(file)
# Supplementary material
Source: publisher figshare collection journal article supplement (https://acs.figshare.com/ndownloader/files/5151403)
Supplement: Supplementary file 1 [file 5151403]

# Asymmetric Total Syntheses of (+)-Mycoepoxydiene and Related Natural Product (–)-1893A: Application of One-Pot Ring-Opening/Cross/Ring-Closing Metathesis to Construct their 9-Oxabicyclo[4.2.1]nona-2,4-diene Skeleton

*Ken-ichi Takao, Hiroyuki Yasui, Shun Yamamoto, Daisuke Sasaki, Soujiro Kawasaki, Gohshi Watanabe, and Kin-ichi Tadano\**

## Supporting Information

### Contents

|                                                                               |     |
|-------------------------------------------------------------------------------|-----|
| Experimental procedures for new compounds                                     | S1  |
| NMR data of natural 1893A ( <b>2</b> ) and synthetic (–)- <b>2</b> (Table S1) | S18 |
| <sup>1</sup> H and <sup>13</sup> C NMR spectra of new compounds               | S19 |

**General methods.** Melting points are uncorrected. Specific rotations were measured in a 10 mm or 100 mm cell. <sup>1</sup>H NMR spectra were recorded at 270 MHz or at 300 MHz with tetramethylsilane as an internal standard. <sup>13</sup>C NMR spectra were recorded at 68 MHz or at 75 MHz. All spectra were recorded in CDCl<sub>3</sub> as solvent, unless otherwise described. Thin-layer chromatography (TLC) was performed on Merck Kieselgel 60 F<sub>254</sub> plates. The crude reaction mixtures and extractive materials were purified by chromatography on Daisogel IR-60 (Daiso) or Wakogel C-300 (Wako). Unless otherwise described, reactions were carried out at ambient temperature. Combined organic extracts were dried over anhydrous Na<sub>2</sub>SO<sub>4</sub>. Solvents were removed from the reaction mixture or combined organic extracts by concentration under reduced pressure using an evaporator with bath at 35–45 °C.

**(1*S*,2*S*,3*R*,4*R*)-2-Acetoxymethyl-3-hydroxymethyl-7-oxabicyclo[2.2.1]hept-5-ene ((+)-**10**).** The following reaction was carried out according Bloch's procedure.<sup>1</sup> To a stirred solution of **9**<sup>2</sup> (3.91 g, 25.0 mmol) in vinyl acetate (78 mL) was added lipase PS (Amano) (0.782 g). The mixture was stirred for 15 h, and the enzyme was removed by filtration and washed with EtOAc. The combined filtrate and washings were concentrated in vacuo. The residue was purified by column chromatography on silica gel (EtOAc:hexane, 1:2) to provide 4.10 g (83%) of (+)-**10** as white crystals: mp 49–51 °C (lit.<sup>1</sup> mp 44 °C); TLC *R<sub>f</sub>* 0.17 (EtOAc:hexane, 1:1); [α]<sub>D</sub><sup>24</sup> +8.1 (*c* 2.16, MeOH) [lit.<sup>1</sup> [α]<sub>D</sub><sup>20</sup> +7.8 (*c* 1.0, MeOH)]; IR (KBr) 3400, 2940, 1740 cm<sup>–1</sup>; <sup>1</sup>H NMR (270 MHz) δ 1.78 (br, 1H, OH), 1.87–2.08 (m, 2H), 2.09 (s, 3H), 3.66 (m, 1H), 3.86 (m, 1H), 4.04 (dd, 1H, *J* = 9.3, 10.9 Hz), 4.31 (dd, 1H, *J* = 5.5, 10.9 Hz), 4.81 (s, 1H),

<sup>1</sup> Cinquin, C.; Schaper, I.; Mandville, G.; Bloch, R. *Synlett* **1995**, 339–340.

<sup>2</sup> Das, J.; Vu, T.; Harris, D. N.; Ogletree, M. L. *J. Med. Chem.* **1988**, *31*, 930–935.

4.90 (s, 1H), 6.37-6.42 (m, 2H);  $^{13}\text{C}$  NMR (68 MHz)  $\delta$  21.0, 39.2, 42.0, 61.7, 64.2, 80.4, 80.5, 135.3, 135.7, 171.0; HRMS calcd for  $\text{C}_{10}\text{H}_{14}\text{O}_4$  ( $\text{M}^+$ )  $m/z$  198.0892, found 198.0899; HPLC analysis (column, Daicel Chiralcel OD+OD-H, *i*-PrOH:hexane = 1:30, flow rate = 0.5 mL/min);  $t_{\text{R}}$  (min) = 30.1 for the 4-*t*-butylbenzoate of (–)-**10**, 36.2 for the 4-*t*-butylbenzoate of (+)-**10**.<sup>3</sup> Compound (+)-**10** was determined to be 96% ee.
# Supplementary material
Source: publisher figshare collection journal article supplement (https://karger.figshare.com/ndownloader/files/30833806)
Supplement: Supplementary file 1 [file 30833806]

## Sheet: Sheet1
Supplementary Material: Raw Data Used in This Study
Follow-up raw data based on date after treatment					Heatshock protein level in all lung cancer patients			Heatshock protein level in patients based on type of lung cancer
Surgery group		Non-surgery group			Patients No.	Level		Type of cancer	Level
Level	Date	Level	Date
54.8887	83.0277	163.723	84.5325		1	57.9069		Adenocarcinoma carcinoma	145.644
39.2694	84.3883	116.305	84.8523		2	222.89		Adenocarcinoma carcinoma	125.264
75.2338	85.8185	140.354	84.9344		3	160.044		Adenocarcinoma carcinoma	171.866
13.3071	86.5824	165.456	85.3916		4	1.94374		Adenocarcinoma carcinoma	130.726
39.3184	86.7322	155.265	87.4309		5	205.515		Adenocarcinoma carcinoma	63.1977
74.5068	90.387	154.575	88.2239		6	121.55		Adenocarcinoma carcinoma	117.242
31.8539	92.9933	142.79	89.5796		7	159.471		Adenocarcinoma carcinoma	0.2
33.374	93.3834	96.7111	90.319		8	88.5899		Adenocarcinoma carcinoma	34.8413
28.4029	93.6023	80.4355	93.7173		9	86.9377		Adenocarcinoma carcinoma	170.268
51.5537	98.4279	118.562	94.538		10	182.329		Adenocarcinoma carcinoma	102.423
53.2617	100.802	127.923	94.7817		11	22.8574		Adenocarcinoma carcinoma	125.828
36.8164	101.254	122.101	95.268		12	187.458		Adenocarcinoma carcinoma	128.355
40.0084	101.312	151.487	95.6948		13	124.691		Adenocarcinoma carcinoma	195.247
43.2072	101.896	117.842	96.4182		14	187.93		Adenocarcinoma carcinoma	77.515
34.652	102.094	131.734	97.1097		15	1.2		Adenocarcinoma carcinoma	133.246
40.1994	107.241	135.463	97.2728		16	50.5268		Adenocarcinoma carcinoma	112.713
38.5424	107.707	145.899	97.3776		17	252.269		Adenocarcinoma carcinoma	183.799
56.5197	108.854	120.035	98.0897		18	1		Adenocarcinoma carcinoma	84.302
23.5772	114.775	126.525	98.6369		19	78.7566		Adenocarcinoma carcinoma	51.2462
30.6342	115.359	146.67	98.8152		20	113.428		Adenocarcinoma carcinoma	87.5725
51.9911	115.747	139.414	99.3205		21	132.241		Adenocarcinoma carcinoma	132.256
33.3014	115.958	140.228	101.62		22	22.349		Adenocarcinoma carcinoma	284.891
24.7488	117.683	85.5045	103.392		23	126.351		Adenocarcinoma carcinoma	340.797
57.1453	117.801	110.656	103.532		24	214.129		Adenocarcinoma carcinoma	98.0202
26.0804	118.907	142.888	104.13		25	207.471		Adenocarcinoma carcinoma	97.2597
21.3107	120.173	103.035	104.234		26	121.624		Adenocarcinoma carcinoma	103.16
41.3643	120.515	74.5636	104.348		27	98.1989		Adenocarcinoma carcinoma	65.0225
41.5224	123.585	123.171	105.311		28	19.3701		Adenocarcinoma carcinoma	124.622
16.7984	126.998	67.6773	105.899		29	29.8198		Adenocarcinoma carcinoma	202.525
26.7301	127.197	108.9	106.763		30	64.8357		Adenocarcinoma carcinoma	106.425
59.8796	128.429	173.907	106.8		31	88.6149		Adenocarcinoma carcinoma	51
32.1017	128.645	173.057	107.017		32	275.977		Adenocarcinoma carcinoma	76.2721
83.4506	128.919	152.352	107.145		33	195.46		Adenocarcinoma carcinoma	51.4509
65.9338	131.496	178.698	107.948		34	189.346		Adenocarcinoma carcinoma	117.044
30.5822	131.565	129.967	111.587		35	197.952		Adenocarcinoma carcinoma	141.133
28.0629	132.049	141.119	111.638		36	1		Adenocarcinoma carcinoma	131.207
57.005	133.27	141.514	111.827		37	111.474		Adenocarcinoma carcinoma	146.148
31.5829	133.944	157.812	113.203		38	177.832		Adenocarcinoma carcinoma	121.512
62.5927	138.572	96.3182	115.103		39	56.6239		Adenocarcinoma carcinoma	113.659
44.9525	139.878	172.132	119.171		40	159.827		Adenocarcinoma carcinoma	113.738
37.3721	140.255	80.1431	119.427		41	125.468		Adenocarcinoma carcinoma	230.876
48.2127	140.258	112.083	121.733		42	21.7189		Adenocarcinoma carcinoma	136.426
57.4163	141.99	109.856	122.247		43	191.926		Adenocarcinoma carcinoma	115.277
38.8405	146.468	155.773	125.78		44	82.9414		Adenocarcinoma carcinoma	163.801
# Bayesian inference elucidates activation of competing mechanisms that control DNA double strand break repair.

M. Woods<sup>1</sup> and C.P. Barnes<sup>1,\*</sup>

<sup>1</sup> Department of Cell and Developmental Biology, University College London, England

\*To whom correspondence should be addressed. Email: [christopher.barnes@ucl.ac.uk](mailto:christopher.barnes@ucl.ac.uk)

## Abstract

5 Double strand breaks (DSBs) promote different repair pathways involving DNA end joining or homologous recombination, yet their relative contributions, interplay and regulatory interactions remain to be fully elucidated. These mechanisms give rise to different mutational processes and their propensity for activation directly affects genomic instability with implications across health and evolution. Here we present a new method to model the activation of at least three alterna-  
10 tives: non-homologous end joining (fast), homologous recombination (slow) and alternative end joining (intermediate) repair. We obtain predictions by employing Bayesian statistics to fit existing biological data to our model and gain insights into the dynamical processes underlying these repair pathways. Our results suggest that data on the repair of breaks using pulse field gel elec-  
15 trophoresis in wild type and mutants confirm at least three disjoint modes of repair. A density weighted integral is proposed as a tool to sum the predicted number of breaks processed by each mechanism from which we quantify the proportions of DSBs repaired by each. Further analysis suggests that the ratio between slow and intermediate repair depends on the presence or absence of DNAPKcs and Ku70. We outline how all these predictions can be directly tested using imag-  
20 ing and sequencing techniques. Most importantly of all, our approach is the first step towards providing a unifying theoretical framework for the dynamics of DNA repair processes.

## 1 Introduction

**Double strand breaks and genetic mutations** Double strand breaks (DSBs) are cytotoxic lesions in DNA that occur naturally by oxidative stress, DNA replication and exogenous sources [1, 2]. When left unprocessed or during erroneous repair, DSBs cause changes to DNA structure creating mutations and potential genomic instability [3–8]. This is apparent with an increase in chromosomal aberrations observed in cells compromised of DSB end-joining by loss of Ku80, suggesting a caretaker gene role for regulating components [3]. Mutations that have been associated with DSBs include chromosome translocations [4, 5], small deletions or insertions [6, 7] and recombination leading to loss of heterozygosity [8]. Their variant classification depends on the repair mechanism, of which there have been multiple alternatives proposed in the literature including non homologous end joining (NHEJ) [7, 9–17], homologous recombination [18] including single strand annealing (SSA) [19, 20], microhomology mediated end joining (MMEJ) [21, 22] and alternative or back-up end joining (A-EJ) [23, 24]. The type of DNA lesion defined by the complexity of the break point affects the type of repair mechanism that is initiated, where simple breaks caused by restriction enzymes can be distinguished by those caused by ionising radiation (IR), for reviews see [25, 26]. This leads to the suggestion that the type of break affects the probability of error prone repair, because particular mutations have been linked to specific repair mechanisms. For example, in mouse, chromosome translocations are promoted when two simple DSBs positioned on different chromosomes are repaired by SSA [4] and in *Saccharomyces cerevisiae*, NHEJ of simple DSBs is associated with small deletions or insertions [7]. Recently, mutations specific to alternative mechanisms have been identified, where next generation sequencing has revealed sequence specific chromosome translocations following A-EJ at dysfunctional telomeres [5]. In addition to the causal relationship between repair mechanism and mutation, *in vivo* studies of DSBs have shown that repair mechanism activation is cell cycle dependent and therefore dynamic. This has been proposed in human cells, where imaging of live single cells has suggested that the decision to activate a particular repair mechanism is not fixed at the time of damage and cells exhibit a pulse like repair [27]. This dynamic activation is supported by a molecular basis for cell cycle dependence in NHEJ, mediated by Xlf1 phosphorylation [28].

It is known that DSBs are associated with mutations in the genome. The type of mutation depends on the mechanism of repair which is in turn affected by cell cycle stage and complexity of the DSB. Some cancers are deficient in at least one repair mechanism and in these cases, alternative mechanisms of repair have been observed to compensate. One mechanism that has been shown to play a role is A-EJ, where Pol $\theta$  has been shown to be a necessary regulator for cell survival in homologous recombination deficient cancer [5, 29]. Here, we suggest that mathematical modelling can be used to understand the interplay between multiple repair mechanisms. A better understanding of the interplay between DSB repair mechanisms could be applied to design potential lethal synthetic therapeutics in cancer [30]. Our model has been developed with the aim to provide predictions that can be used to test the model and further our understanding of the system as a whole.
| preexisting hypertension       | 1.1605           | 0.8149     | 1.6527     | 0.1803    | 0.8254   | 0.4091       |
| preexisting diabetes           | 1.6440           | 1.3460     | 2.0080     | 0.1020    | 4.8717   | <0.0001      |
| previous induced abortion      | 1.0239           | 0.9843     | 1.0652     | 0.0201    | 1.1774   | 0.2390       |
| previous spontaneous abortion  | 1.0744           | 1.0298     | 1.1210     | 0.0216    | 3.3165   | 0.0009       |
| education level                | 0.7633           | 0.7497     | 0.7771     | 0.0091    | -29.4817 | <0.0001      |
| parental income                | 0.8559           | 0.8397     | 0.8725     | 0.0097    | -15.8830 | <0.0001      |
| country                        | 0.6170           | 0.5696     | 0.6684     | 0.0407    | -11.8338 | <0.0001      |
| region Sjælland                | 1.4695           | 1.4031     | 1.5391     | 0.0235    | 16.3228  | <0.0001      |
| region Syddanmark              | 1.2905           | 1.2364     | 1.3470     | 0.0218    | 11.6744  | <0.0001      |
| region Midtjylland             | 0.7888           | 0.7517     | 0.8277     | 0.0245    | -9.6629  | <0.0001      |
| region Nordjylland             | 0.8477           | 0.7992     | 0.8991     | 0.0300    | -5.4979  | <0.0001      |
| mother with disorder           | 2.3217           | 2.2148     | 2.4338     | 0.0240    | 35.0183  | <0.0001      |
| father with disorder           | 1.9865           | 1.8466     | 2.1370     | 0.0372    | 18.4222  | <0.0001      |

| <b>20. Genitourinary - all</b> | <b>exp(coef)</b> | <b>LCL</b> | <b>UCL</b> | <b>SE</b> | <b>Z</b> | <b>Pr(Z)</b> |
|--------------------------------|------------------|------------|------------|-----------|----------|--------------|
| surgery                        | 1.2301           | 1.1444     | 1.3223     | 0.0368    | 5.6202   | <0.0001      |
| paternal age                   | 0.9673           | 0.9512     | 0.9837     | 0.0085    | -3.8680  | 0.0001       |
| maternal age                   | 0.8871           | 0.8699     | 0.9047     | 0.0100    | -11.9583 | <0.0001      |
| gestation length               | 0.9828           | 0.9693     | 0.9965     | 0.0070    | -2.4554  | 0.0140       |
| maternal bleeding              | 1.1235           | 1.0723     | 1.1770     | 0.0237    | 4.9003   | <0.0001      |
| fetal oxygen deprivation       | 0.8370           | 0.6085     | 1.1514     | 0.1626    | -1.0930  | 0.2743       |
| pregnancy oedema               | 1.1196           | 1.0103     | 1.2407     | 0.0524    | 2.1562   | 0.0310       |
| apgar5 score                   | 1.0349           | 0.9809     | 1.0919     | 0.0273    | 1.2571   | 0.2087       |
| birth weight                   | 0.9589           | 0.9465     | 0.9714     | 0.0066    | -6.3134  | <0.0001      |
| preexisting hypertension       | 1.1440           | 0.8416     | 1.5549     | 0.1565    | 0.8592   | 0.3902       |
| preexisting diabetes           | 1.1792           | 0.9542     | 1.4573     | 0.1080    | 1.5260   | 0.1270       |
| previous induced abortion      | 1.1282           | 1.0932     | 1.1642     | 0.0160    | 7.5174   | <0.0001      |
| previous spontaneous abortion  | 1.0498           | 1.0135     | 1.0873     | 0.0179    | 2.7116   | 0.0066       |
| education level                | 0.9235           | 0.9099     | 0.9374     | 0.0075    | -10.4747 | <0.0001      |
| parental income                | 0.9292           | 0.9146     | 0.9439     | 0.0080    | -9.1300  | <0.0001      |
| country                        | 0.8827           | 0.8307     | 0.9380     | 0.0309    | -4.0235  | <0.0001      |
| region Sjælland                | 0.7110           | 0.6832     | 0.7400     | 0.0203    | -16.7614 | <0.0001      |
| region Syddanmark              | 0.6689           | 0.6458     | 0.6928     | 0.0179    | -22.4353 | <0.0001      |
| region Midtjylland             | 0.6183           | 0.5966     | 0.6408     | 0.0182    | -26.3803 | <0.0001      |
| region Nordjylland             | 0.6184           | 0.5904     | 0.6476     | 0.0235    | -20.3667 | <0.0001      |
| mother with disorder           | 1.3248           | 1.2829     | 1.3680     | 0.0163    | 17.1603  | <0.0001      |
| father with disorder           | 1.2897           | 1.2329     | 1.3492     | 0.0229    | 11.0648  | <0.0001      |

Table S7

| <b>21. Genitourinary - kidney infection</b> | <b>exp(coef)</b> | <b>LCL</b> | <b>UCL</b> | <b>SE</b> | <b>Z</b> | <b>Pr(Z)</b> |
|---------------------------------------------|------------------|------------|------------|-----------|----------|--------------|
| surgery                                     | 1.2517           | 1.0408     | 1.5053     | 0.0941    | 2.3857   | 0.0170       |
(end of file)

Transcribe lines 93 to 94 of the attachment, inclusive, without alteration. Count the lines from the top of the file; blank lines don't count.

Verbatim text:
| mother with disorder           | 2.3217           | 2.2148     | 2.4338     | 0.0240    | 35.0183  | <0.0001      |
| father with disorder           | 1.9865           | 1.8466     | 2.1370     | 0.0372    | 18.4222  | <0.0001      |